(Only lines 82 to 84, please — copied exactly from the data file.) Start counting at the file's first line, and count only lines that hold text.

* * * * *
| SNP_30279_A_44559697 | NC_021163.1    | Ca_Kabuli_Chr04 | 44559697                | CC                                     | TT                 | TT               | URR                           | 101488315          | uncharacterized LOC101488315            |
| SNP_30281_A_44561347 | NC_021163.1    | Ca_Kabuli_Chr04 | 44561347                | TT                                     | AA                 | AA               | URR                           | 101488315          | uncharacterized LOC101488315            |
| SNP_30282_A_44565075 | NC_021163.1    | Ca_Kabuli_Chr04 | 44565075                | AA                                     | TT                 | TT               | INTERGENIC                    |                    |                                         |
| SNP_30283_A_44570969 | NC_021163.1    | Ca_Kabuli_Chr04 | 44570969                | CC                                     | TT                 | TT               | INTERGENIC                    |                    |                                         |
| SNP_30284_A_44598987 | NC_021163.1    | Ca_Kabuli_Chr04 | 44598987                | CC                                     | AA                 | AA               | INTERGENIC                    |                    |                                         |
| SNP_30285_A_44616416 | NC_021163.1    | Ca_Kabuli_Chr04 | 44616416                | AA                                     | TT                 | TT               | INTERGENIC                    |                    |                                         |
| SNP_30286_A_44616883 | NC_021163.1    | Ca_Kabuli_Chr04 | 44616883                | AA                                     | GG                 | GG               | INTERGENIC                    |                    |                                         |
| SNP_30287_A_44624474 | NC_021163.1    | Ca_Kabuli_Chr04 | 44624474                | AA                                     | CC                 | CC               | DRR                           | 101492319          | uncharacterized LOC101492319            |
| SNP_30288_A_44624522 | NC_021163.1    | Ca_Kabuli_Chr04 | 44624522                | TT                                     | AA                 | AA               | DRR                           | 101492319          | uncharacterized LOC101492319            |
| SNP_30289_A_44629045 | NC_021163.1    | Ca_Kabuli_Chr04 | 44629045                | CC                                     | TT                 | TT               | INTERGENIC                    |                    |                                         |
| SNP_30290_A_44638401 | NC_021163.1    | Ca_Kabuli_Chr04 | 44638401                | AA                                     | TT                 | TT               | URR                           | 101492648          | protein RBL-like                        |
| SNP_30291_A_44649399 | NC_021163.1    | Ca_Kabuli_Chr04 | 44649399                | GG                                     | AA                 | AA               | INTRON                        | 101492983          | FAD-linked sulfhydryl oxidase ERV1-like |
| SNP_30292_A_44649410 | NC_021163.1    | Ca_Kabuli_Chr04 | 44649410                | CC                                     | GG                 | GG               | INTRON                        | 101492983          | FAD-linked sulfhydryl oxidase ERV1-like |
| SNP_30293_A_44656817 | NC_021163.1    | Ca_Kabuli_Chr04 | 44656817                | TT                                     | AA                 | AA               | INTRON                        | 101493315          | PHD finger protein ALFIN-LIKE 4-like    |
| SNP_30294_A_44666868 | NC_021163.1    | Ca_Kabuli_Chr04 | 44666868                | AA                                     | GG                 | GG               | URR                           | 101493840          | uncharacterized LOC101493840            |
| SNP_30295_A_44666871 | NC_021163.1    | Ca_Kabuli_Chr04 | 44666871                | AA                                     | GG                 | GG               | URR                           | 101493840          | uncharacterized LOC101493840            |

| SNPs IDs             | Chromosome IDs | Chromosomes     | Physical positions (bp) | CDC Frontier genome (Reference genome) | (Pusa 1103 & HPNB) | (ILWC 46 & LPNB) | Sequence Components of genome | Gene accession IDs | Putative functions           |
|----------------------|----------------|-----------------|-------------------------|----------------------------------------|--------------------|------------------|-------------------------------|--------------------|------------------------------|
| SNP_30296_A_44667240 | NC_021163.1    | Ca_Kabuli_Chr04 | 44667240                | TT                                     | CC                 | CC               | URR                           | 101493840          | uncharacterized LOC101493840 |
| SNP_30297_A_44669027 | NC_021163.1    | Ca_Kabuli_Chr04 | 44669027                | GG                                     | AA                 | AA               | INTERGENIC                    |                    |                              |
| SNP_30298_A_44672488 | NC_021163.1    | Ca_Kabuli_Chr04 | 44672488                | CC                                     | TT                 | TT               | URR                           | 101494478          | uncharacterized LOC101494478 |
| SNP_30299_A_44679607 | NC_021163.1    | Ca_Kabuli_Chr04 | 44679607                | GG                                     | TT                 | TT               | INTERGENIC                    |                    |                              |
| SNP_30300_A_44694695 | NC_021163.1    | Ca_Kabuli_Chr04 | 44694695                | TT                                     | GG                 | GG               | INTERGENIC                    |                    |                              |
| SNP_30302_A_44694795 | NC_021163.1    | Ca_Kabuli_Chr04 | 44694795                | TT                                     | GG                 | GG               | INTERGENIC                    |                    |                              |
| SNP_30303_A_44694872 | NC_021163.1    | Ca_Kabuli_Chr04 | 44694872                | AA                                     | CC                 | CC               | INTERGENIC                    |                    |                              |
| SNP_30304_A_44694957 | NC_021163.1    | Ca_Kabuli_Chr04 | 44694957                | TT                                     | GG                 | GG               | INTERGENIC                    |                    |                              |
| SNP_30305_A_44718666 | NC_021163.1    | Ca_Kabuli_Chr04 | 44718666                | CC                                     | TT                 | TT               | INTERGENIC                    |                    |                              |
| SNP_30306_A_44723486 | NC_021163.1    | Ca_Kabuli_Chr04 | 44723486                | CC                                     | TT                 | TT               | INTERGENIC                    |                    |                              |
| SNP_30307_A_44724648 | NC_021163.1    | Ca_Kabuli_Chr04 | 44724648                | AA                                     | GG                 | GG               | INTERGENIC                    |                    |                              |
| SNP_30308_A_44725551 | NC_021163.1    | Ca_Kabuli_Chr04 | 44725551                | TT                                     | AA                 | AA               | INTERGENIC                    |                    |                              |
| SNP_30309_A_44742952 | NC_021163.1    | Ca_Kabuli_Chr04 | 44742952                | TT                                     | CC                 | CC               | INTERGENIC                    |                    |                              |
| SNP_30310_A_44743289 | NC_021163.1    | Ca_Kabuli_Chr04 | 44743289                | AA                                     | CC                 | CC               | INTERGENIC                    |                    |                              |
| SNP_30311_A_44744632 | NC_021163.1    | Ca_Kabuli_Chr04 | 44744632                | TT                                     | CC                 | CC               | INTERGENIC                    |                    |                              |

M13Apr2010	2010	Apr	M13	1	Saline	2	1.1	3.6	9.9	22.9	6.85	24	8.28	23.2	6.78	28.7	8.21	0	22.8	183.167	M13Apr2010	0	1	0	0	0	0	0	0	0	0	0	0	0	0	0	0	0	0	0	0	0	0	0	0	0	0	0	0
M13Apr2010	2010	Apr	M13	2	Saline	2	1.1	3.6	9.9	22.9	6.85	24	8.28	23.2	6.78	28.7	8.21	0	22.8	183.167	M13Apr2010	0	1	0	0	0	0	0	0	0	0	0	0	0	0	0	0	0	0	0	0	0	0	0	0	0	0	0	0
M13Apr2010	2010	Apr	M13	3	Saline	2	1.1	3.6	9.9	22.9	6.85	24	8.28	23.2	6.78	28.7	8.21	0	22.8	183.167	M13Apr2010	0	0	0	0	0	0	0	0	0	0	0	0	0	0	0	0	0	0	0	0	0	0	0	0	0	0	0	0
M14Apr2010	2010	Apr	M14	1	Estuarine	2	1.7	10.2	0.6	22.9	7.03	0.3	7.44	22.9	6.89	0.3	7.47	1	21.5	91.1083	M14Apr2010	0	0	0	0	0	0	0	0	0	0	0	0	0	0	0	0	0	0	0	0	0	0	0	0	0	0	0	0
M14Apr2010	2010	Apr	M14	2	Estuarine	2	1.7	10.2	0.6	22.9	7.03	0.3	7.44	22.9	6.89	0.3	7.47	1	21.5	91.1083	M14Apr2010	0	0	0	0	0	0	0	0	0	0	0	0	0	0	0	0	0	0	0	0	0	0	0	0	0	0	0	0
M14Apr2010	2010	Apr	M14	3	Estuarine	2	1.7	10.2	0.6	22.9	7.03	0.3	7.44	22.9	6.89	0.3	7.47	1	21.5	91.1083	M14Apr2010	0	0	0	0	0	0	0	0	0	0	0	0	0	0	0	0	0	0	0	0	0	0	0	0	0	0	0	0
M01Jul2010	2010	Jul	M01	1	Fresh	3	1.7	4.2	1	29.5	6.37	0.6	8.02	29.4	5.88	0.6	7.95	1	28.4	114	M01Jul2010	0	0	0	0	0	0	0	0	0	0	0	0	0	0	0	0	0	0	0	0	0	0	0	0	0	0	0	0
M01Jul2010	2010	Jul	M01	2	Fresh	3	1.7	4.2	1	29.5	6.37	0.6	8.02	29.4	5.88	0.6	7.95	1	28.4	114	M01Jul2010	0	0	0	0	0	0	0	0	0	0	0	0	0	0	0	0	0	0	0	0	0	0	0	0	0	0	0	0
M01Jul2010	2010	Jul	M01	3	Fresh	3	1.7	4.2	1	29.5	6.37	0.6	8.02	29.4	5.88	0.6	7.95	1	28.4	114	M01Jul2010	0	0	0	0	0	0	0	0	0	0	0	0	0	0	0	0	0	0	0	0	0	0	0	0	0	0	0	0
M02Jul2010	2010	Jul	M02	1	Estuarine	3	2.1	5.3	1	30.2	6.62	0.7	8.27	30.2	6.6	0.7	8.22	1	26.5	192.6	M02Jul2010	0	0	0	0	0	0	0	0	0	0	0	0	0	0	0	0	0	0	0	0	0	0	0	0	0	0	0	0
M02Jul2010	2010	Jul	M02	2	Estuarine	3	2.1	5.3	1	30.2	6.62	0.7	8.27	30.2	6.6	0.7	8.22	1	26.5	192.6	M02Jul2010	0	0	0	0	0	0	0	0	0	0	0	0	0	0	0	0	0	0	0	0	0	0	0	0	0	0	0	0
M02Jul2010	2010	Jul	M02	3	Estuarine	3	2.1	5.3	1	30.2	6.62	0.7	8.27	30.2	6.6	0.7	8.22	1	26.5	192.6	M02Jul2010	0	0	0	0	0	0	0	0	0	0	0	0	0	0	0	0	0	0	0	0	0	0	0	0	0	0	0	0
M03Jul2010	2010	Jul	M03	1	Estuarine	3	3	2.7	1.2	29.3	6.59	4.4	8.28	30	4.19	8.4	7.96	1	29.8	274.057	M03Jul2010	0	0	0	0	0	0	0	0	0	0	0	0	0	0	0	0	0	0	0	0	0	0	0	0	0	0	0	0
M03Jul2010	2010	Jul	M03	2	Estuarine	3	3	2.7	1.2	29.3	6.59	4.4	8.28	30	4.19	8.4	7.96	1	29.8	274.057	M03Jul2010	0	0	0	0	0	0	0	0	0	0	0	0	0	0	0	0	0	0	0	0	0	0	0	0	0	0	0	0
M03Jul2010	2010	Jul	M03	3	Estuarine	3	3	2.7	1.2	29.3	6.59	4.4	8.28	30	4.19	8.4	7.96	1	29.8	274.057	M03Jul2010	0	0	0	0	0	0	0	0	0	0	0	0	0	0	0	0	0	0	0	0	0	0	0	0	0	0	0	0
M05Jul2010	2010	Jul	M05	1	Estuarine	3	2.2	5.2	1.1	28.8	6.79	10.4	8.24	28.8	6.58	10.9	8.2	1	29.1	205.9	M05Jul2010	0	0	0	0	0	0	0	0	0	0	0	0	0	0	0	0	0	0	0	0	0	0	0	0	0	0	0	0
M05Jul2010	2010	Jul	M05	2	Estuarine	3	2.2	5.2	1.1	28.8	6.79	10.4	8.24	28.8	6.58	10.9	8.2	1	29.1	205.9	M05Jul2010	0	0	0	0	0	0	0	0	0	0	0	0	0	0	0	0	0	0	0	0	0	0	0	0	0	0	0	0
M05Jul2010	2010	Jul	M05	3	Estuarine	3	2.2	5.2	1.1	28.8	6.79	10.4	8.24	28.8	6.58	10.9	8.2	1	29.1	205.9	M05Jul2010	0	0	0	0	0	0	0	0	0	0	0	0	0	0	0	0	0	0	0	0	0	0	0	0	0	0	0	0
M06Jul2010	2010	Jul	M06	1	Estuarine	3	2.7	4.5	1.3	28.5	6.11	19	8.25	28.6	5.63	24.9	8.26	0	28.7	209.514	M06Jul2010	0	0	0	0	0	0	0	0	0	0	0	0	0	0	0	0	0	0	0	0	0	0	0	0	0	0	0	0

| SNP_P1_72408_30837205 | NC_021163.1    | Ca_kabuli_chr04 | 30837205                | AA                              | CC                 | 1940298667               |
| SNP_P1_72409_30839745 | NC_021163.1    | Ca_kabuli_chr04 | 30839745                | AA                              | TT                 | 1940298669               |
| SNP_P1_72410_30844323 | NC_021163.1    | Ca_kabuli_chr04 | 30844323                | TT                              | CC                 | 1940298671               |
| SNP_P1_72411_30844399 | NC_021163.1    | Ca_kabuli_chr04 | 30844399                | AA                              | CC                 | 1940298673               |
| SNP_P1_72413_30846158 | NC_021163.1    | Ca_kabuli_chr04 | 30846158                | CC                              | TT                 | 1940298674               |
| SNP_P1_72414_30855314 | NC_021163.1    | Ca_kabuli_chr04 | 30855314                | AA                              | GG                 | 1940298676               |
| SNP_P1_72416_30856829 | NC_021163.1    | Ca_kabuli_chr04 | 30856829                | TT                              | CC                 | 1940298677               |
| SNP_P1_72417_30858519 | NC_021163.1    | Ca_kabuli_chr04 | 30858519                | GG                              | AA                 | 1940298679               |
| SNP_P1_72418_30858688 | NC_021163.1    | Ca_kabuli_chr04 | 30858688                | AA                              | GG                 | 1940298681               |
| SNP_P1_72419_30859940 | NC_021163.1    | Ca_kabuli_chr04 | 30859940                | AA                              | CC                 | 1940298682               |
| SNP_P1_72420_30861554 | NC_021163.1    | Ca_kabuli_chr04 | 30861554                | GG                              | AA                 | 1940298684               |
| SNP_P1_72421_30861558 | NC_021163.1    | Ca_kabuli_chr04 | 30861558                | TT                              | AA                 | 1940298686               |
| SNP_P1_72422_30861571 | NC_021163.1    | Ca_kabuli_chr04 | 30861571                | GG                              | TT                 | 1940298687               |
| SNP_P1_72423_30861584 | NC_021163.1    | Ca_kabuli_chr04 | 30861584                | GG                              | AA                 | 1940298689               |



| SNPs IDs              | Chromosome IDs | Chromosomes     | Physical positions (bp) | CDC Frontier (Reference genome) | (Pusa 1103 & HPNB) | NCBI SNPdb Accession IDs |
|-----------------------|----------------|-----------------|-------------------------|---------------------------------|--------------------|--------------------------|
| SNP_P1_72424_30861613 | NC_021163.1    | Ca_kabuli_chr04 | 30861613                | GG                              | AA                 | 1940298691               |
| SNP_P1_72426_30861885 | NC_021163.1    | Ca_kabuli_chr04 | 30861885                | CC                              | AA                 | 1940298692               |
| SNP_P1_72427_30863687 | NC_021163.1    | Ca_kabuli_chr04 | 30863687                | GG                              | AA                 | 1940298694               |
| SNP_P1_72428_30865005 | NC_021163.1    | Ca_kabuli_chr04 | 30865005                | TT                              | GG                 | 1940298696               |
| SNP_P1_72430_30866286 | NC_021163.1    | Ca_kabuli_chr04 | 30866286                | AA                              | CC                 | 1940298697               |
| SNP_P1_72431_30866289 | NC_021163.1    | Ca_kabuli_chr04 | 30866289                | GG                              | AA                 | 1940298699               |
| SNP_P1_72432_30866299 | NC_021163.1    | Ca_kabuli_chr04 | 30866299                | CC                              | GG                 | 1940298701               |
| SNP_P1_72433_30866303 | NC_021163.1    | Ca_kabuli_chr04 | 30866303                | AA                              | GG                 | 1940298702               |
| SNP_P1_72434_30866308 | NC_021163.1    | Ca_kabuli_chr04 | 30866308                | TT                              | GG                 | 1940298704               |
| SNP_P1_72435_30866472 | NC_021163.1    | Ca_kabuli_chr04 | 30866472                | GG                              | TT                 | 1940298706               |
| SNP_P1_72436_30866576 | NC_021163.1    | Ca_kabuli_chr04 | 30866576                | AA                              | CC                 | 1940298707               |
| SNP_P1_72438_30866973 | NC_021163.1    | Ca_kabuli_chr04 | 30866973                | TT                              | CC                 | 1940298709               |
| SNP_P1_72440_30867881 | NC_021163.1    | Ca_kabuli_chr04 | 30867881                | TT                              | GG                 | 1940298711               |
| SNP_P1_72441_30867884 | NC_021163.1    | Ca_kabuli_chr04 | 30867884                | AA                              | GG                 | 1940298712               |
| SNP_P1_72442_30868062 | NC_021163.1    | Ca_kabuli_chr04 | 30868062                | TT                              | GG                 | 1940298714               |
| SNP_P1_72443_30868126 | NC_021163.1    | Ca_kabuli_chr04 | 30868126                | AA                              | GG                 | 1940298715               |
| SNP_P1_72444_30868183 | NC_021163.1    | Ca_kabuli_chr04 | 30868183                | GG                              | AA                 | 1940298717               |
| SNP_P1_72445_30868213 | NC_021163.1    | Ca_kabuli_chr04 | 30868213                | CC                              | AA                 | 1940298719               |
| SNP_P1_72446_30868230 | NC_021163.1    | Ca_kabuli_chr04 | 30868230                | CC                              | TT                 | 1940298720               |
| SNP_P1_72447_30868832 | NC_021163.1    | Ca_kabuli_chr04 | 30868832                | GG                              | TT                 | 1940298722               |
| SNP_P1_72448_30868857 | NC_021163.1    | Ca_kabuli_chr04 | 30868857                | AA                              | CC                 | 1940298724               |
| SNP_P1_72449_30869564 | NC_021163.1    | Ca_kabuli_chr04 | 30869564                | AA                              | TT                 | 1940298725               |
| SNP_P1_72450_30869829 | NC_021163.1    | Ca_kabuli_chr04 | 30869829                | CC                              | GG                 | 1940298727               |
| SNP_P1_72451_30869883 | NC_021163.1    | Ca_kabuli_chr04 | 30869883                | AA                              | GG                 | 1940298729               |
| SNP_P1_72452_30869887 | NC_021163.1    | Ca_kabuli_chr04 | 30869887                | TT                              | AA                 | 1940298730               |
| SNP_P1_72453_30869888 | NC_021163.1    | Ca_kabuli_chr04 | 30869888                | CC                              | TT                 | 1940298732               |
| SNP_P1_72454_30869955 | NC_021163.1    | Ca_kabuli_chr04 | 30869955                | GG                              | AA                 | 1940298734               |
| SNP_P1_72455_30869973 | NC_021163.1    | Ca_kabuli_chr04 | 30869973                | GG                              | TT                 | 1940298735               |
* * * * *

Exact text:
| SNP_P1_72441_30867884 | NC_021163.1    | Ca_kabuli_chr04 | 30867884                | AA                              | GG                 | 1940298712               |
| SNP_P1_72442_30868062 | NC_021163.1    | Ca_kabuli_chr04 | 30868062                | TT                              | GG                 | 1940298714               |
| SNP_P1_72443_30868126 | NC_021163.1    | Ca_kabuli_chr04 | 30868126                | AA                              | GG                 | 1940298715               |